I would like to know how the standard differential geometry of manifolds would change if we didn't assume the Hausdorff condition and/or the second axiom of countability. There are some simple things that can be said at a first glance:

  • Manifolds would not necessarily admit partitions of unity, so not every Manifold would admit a Riemannian metric.

  • A Haussdorf manifold admitting a connection would be automatically second-countable.

  • A Haussdorf manifold admitting a Lorentzian metric would be automatically paracompact.

  • Manifolds without these two assumptions wouldn't necessarily have the homotopy type of a CW-complex.

Since the question is maybe too broad, we can focus for example on the following especific issue:

How Berger's classification of manifolds of special holonomy would change without these two assumptions?

One motivation to ask this question is that manifolds describing space-times needn't to be Haussdorf, or at least physicists have studied non-Haussdorf solutions to General Relativity, see for example "The large scale structure of spacetime" of Hawking and Ellis.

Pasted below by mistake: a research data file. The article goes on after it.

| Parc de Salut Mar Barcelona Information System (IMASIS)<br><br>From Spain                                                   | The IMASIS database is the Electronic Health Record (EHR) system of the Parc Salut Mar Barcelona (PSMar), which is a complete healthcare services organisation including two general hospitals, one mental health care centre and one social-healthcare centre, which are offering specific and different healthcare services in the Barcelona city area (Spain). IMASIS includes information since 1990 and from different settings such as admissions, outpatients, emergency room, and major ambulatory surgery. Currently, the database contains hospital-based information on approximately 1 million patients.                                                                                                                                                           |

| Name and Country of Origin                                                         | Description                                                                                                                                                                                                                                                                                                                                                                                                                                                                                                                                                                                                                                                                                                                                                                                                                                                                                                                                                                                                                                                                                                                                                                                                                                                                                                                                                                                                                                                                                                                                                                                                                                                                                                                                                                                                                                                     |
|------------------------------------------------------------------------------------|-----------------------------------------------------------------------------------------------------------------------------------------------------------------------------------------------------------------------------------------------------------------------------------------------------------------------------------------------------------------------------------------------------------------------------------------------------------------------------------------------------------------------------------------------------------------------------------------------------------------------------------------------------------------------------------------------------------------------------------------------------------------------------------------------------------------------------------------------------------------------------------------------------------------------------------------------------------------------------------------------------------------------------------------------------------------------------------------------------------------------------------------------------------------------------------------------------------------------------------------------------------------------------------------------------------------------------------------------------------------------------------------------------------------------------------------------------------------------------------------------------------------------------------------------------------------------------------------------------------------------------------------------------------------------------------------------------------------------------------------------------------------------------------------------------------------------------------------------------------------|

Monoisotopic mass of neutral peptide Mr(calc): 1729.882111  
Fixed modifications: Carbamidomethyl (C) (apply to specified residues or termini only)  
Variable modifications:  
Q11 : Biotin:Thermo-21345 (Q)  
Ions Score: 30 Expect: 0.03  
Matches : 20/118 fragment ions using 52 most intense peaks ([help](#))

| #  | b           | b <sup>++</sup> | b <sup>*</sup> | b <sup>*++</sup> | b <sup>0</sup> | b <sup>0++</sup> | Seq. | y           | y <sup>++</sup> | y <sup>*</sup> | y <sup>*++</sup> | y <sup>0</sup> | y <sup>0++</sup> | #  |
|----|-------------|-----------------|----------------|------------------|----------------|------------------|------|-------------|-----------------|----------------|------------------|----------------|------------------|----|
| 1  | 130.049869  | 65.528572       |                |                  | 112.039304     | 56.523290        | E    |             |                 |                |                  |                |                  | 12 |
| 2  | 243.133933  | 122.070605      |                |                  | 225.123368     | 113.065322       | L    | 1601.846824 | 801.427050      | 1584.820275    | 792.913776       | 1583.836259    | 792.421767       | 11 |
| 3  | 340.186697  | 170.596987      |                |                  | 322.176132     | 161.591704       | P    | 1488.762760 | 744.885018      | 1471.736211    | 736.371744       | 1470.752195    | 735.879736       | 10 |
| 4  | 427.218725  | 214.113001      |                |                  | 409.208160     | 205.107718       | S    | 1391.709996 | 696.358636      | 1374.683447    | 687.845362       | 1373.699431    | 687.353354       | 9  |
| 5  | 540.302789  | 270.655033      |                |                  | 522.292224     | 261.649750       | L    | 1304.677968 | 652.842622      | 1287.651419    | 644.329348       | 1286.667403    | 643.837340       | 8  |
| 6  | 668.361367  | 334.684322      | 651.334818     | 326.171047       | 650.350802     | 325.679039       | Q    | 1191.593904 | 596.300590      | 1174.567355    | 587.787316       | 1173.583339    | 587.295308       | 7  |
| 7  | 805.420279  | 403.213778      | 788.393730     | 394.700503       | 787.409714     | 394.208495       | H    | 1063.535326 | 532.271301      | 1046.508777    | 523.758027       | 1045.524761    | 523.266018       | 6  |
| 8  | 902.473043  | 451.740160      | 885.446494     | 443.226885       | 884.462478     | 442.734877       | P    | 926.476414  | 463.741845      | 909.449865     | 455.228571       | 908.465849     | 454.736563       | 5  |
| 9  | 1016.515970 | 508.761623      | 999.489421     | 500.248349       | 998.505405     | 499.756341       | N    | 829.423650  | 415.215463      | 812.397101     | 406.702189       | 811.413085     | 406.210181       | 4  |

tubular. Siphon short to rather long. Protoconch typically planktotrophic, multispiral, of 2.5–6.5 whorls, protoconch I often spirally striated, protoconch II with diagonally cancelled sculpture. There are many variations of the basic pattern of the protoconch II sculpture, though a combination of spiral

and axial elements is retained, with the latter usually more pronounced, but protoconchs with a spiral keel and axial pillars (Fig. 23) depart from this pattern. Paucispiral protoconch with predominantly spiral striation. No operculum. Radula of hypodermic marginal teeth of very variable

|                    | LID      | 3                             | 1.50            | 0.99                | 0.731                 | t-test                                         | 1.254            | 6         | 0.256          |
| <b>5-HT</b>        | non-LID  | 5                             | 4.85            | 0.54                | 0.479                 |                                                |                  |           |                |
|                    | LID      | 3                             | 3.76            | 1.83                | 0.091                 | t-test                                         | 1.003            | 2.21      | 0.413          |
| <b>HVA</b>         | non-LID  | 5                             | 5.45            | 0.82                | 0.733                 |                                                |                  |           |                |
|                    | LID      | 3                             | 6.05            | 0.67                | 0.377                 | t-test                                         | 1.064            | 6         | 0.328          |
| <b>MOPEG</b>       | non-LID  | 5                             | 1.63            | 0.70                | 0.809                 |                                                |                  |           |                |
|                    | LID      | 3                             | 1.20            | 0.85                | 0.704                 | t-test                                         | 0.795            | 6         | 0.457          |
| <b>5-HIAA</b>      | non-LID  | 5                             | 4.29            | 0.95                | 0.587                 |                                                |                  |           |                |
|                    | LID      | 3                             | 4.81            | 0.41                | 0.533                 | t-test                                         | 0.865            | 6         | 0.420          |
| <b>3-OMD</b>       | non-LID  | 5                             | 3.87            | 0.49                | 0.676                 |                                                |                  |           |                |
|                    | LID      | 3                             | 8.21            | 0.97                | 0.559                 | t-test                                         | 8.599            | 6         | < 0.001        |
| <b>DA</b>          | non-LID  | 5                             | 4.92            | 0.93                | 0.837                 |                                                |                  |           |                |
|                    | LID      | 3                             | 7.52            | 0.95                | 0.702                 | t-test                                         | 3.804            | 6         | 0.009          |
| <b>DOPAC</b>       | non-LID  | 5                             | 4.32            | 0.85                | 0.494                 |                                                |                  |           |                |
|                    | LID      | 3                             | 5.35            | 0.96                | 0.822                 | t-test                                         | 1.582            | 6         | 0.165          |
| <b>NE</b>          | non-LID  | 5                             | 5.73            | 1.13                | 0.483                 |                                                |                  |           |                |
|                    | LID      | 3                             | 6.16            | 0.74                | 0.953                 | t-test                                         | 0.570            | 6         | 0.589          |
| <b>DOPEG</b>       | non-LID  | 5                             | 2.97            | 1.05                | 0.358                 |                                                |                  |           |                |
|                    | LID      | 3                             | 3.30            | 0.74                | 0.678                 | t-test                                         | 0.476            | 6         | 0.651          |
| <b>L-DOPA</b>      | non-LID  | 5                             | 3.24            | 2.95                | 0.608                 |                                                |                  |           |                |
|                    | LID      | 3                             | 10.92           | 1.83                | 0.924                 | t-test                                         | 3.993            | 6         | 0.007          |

• $\begingroup$ “A Haussdorf manifold admitting a connection would be automatically second-countable.”: This is false, an uncountable disjoint union of R^n is Hausdorff, paracompact, and admits a connection on its tangent bundle, yet it is not second countable. $\endgroup$ – Dmitri Pavlov Aug 23 '15 at 16:10

Probably the simplest example of a non-second-countable manifold is the long line, and it already exhibits some interesting phenomena. See for example "Various smoothings of the long line and their tangent bundles" by Peter Nyikos [Advances in Math. 93 (1992) 129-213].

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    $\begingroup$ I know that there are known relatively many non-second-countable manifolds. That was not the question. The question was more oriented towards how important results in differential geometry, such as Berger's classification of manifolds with special holonomy should be modified in this more relaxed setting. $\endgroup$ – Bilateral Aug 22 '15 at 21:01

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